Public Interest disclosure

This was posted by on November 14th, 2016


Trust Insurance at all times conducts its business with the highest standards of integrity and honesty. It expects all employees to maintain the same standards in everything they do. Employees are therefore encouraged to report any wrongdoing by the company or its employees that falls short of these business principles. (This also applies to staff of key contractors, if applicable.)

The Public Interest Disclosure Act (PIDA) 1998 protects employees who report wrongdoing within the workplace but it is the aim of this policy to ensure that as far as possible our employees are able to tell us about any wrongdoing at work which they believe has occurred or is likely to occur.

We recognise that employees may not always feel comfortable about discussing their concerns internally, especially if they believe that the company itself is responsible for the wrongdoing. The aim of this policy is to ensure that employees are confident that they can raise a matter with the company that concerns them in the knowledge that it will be taken seriously and treated as confidential.

The company undertakes that no employee who makes a bona fide report under this procedure will be subject to any detriment as a result, in accordance with section 47B of the Employment Rights Act 1996. The company will take all steps possible to ensure that no one (under our control) engages in victimisation as a result. In the event that you believe you are being subjected to detriment by any person within the company as a result of your decision to invoke the procedure you must inform Geoffrey Parrish and appropriate action will be taken to protect you from any reprisals.

If it should become clear that the procedure has not been invoked in good faith, the allegations are false and/or malicious, (for example to pursue a personal grudge against another employee), this will constitute misconduct and will be dealt with in accordance with the terms of the company’s disciplinary procedure.

What does this include under the PIDA?

A qualifying disclosure tends to show that a ‘failure’ has taken place, is taking place or is likely to take place. A failure includes:
• A criminal offence
• A failure to comply with any legal obligation
• A miscarriage of justice
• The putting of health and safety of any individual in danger
• Damage to the environment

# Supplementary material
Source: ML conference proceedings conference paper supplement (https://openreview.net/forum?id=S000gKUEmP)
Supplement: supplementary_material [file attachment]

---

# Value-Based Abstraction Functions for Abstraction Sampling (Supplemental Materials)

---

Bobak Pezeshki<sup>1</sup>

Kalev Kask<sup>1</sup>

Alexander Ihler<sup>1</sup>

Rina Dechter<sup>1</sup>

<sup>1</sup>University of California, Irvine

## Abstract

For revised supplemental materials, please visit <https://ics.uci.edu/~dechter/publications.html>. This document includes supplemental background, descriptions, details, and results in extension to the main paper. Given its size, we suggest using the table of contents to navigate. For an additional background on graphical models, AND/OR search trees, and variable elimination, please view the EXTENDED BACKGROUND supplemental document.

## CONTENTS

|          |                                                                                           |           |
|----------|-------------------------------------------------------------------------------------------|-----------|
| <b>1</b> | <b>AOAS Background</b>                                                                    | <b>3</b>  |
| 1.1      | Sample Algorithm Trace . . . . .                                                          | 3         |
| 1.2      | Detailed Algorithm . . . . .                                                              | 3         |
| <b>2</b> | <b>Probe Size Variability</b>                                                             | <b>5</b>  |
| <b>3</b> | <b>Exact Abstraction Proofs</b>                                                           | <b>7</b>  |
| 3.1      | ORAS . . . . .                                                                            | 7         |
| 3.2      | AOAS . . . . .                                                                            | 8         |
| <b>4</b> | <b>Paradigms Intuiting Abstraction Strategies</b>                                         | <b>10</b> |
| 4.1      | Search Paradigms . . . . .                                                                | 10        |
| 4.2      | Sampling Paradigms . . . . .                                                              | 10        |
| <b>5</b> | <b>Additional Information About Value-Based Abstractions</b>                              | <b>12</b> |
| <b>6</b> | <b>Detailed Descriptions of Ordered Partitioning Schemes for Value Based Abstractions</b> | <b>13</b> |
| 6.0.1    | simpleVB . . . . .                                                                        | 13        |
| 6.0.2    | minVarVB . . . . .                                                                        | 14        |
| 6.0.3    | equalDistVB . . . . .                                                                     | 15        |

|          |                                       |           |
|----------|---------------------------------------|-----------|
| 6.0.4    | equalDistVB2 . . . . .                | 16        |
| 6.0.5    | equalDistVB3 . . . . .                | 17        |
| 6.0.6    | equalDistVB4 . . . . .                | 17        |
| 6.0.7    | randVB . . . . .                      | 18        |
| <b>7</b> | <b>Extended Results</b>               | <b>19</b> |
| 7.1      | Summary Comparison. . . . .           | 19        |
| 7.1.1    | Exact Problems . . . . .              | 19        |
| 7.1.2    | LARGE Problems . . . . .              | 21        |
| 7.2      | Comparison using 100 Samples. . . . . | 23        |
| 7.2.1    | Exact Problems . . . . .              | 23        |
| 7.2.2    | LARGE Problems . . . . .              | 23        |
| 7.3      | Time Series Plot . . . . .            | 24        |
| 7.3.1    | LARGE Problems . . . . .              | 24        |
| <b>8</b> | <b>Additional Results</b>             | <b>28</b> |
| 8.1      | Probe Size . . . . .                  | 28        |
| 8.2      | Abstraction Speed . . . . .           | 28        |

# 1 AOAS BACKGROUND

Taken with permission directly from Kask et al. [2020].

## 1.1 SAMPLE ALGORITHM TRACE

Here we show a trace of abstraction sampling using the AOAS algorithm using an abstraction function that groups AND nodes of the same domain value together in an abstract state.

• Deliberate concealment relating to any of the above

The company takes these failures very seriously,


If appropriate, discuss the matter with your manager in the first instance.
• An informal approach to your manager will be treated as completely confidential (and will not result in any report to anyone within the company unless you agree).
• If the matter requires further investigation this will be carried out by your manager and you will be informed of the outcome and what, if any, action has been taken.

If you would prefer, you may raise concerns to a different manager, or any other senior person within the organisation (including the Principal/Director).

If you remain unhappy about the speed or conduct of the investigation or the way in which the matter has been resolved, you should refer the matter to Geoffrey Parrish. When they have investigated your complaint they will tell you the result of the investigation and what, if any, action has been taken.

External referral

The company is keen to hear of any concerns that employees may have about wrongdoing at work and encourages them to use the procedure described above wherever possible.

The company recognises there may be matters that cannot be dealt with internally and external authorities will need to become involved. Where necessary the company reserves the right to make such a referral without your consent.

From 14 January 2005, the FSA are the regulator prescribed in respect of financial services and marketing matters under the PIDA .On the 1st of April 2013 the regulator became the Financial Conduct Authority (FCA) and further information is available via their website.

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